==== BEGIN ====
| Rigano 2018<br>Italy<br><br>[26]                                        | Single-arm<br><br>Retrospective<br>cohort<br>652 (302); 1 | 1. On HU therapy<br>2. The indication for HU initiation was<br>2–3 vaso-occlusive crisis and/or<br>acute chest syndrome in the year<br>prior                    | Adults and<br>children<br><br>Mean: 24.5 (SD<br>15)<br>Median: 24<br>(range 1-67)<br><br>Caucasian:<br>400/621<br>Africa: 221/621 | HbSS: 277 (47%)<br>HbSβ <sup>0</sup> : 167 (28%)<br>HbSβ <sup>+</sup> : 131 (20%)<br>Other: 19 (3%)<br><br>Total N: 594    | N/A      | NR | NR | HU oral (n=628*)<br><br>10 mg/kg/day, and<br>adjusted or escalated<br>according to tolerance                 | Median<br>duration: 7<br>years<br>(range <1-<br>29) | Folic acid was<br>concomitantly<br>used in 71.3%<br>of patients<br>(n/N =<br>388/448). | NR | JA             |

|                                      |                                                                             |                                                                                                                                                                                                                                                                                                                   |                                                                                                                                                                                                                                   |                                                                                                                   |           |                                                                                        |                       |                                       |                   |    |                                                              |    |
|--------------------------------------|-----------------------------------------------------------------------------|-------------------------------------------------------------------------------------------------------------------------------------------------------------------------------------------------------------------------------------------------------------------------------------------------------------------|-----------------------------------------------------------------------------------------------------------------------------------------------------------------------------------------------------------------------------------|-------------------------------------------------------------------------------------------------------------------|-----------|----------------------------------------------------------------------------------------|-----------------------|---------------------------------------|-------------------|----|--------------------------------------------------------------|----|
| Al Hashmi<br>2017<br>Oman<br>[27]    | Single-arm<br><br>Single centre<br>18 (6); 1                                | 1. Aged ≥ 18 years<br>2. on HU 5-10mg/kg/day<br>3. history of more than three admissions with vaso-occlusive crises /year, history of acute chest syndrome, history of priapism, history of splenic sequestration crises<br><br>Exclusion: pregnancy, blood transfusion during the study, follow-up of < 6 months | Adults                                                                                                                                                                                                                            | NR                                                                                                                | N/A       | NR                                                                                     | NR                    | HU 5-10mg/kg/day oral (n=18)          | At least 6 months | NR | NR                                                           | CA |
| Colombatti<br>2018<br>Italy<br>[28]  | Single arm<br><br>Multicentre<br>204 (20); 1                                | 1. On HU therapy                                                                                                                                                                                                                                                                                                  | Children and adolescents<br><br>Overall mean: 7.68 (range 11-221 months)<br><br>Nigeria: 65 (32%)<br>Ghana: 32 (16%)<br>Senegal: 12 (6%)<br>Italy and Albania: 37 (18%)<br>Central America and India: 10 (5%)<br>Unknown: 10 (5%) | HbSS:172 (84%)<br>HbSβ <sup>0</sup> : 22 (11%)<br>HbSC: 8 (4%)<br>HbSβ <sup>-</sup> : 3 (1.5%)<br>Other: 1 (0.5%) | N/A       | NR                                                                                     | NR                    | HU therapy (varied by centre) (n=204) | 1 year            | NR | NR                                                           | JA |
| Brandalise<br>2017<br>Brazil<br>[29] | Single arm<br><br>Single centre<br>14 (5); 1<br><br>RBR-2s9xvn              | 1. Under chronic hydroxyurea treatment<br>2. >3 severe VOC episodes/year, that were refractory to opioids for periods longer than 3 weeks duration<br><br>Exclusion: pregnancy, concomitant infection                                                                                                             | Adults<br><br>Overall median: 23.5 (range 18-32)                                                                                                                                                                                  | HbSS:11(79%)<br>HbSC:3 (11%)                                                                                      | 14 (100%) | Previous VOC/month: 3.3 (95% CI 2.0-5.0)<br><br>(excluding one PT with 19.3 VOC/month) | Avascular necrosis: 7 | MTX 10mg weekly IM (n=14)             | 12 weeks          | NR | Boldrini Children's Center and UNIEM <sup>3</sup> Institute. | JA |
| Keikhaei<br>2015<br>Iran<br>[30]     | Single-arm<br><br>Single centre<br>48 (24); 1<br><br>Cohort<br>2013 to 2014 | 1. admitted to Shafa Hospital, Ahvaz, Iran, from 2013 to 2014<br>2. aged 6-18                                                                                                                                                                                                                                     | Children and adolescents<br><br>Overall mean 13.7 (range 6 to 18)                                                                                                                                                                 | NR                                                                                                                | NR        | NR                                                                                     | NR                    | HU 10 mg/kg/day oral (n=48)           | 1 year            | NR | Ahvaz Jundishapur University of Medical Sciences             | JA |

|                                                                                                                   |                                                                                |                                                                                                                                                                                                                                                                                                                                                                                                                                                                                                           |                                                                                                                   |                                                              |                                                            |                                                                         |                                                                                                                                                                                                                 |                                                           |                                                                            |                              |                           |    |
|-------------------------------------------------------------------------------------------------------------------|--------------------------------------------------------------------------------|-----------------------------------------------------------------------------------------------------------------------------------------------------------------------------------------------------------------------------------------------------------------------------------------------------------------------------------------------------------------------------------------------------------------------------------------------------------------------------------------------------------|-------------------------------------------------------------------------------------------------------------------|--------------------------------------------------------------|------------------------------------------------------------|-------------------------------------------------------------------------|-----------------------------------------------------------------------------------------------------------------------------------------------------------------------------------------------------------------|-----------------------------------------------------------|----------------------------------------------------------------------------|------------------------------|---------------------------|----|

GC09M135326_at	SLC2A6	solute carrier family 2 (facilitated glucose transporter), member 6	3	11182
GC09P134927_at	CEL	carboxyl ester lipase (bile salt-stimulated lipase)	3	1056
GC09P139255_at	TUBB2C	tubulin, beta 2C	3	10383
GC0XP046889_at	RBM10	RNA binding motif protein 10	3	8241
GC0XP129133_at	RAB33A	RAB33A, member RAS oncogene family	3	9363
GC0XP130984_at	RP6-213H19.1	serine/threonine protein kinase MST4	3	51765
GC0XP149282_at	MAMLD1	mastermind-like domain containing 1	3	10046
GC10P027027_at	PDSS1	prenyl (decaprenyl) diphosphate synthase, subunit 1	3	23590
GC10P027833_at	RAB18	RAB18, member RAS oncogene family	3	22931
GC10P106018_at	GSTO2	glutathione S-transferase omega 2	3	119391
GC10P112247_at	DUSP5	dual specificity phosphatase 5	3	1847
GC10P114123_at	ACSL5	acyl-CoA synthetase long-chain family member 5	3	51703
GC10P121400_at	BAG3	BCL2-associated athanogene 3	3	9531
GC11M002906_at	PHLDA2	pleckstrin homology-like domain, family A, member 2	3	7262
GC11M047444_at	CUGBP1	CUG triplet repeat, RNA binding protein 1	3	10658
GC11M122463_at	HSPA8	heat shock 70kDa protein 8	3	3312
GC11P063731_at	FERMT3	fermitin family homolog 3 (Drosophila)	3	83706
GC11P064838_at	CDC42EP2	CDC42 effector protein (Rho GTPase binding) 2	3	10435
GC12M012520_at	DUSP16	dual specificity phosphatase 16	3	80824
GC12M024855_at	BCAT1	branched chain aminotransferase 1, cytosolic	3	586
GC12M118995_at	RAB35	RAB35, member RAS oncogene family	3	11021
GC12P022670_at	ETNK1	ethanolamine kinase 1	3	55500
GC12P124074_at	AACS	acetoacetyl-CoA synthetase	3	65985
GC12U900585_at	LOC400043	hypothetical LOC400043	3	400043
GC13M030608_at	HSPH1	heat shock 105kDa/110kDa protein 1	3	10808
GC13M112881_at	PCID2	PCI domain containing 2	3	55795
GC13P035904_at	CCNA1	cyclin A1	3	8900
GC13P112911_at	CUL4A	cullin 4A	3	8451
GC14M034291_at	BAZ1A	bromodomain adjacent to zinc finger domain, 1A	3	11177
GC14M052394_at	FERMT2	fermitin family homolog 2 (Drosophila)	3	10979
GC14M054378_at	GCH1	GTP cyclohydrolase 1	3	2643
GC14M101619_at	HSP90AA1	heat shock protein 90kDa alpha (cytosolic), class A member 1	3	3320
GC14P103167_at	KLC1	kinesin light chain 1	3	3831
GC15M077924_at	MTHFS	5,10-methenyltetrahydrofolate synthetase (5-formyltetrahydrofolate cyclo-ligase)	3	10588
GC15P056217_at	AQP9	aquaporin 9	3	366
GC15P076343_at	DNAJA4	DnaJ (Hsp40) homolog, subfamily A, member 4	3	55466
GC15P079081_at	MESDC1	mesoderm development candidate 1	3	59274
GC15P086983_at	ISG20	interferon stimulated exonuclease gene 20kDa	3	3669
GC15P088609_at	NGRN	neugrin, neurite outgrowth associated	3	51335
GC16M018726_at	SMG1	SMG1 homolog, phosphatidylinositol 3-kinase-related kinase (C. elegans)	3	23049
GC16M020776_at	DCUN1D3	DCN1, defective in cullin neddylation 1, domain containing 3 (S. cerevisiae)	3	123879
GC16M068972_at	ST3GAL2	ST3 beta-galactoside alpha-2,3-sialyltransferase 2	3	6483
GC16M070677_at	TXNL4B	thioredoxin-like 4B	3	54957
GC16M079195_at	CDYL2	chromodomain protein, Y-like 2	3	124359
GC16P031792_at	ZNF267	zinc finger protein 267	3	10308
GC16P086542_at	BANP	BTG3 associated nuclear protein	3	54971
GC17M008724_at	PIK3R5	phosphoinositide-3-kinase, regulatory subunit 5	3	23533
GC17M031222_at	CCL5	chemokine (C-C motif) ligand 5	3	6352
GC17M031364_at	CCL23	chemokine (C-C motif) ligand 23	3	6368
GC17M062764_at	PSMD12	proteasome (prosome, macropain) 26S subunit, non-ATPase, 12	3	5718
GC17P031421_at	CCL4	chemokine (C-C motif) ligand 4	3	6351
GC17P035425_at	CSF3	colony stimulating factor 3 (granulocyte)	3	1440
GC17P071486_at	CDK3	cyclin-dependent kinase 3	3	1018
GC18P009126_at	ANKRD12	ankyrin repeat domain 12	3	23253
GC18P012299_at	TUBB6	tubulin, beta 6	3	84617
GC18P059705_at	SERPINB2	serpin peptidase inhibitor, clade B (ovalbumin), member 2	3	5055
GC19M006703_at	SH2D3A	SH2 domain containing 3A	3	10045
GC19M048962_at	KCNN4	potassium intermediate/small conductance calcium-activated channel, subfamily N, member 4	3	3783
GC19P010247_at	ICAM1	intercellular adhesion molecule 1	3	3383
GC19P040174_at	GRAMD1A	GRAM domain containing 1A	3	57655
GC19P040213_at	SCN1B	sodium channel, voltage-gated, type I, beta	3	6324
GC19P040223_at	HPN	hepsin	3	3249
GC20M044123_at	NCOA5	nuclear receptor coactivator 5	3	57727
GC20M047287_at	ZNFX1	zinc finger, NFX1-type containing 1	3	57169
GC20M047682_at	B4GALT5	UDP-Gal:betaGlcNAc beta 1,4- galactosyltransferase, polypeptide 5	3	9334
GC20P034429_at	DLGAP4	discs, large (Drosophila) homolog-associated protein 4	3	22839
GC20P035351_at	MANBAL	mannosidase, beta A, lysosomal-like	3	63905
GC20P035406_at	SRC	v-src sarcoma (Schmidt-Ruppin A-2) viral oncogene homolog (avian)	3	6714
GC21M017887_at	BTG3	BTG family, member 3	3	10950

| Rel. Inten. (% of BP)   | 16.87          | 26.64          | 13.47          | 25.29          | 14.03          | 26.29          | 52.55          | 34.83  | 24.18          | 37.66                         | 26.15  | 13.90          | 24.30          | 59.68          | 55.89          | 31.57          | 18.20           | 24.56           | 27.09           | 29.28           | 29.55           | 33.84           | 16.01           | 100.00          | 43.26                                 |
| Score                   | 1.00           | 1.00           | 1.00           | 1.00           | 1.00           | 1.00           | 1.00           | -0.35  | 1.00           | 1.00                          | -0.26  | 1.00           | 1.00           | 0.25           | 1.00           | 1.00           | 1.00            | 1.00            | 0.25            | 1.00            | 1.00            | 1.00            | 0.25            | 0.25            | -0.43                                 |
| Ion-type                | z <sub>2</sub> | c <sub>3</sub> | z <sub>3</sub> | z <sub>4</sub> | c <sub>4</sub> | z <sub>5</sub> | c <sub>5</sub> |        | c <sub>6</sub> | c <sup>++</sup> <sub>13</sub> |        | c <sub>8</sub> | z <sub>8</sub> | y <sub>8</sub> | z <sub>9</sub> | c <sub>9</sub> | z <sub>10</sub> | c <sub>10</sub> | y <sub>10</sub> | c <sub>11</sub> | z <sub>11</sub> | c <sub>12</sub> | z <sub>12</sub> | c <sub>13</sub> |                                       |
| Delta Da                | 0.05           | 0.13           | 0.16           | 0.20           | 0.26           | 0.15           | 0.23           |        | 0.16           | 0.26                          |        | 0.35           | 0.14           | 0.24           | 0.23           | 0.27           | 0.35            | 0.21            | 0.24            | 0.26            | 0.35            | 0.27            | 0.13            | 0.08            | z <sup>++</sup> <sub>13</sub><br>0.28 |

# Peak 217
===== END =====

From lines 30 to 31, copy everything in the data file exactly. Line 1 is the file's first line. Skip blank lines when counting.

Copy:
GC12M118995_at	RAB35	RAB35, member RAS oncogene family	3	11021
GC12P022670_at	ETNK1	ethanolamine kinase 1	3	55500